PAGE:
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Video: A motor home that folds up, fits in your car

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SwissRoomBox is a portable modular living system that allows drivers to literally live out of their car.

For anyone who's ever wanted to live comfortably on the road, the only option was to buy a motor home. But those giant RVs can be cumbersome in more ways than one -- like finding a parking spot, maneuvering through traffic and not to mention fuel costs.

Now a company in Switzerland has created what's best described as a portable modular living system -- the first real alternative that allows drivers to literally live out of their car. It's called the SwissRoomBox and consists of stack-able modules that contain within it everything you would need for day-to-day survival such as a sink, shower stall, dining table, chairs, refrigerator, bed and yes, a toilet.

Best of all, most of the fold-able units can be collapsed to fit in the trunk of a compact car -- although for the complete set, you'd need a minivan.

Setup is convenient and easy. The company says in a press release that the SwissRoomBox can be unpacked and assembled in about fifteen minutes, without any tools. But what makes the system work is the crafty way its designed to make use of the limited resources available found inside cars.

While each appliance is powered through a cord that runs from the car's battery, a built-in intelligent control system monitors volt usage and automatically shuts off power when the supply of electricity dwindles to 11 volts. That's the minimum amount of juice a battery needs to start the engine.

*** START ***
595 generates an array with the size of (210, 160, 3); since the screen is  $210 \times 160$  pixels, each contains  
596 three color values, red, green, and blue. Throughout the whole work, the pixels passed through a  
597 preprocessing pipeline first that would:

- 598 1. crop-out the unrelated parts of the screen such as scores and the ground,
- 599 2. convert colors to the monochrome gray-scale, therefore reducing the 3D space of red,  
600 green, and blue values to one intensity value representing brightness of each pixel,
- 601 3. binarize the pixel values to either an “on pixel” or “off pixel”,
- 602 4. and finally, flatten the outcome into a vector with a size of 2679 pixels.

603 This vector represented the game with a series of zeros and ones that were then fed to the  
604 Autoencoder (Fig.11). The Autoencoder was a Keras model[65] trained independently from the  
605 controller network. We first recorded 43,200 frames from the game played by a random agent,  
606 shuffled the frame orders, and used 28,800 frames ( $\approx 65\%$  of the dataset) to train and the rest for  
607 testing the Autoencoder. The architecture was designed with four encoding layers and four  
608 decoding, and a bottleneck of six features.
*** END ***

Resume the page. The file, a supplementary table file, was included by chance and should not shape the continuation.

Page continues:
Although the mini-motor home system is available for shipment throughout Europe, a U.S. compliant version is still in the works. In the meantime, you can sign up for the waiting list.

For more information check out www.swissroombox.com

(via Press release)

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Tuan Nguyen

Contributing Editor

Contributing Editor Tuan C. Nguyen is a freelance science journalist based in New York City. He has written for the U.S. News and World Report, Fox News, MSNBC, ABC News, AOL, Yahoo! News and LiveScience. Formerly, he was reporter and producer for the technology section of ABCNews.com. He holds degrees from the University of California Los Angeles and the City University of New York's Graduate School of Journalism. Follow him on Twitter. Disclosure